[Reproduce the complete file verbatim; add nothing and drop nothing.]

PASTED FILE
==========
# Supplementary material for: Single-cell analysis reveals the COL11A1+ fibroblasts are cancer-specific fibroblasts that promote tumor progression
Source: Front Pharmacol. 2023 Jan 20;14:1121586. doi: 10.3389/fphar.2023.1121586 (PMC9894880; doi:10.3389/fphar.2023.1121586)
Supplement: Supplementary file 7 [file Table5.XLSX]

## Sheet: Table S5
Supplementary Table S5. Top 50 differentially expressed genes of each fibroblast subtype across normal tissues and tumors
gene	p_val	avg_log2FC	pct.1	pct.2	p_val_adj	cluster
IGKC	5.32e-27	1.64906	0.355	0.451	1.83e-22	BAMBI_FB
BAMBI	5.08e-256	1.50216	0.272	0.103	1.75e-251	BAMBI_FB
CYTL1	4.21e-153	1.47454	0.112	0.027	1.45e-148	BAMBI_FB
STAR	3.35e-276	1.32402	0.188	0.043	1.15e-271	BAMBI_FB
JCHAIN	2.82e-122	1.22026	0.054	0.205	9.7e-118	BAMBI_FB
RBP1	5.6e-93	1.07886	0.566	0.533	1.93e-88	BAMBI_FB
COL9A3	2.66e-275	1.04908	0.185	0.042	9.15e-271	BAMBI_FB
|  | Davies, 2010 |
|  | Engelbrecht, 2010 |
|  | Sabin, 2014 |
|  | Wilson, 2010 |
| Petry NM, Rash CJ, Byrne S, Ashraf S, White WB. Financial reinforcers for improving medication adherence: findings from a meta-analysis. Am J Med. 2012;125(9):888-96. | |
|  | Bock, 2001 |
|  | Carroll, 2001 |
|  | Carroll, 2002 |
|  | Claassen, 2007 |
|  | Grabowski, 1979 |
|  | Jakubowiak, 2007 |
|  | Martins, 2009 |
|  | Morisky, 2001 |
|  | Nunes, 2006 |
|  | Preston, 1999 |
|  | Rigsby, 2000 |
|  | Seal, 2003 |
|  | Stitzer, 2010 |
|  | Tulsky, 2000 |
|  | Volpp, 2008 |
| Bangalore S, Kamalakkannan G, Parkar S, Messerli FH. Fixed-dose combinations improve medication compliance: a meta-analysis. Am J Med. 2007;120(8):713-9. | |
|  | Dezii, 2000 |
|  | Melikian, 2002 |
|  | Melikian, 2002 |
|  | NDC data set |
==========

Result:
# Supplementary material for: Single-cell analysis reveals the COL11A1+ fibroblasts are cancer-specific fibroblasts that promote tumor progression
Source: Front Pharmacol. 2023 Jan 20;14:1121586. doi: 10.3389/fphar.2023.1121586 (PMC9894880; doi:10.3389/fphar.2023.1121586)
Supplement: Supplementary file 7 [file Table5.XLSX]

## Sheet: Table S5
Supplementary Table S5. Top 50 differentially expressed genes of each fibroblast subtype across normal tissues and tumors
gene	p_val	avg_log2FC	pct.1	pct.2	p_val_adj	cluster
IGKC	5.32e-27	1.64906	0.355	0.451	1.83e-22	BAMBI_FB
BAMBI	5.08e-256	1.50216	0.272	0.103	1.75e-251	BAMBI_FB
CYTL1	4.21e-153	1.47454	0.112	0.027	1.45e-148	BAMBI_FB
STAR	3.35e-276	1.32402	0.188	0.043	1.15e-271	BAMBI_FB
JCHAIN	2.82e-122	1.22026	0.054	0.205	9.7e-118	BAMBI_FB
RBP1	5.6e-93	1.07886	0.566	0.533	1.93e-88	BAMBI_FB
COL9A3	2.66e-275	1.04908	0.185	0.042	9.15e-271	BAMBI_FB
|  | Davies, 2010 |
|  | Engelbrecht, 2010 |
|  | Sabin, 2014 |
|  | Wilson, 2010 |
| Petry NM, Rash CJ, Byrne S, Ashraf S, White WB. Financial reinforcers for improving medication adherence: findings from a meta-analysis. Am J Med. 2012;125(9):888-96. | |
|  | Bock, 2001 |
|  | Carroll, 2001 |
|  | Carroll, 2002 |
|  | Claassen, 2007 |
|  | Grabowski, 1979 |
|  | Jakubowiak, 2007 |
|  | Martins, 2009 |
|  | Morisky, 2001 |
|  | Nunes, 2006 |
|  | Preston, 1999 |
|  | Rigsby, 2000 |
|  | Seal, 2003 |
|  | Stitzer, 2010 |
|  | Tulsky, 2000 |
|  | Volpp, 2008 |
| Bangalore S, Kamalakkannan G, Parkar S, Messerli FH. Fixed-dose combinations improve medication compliance: a meta-analysis. Am J Med. 2007;120(8):713-9. | |
|  | Dezii, 2000 |
|  | Melikian, 2002 |
|  | Melikian, 2002 |
|  | NDC data set |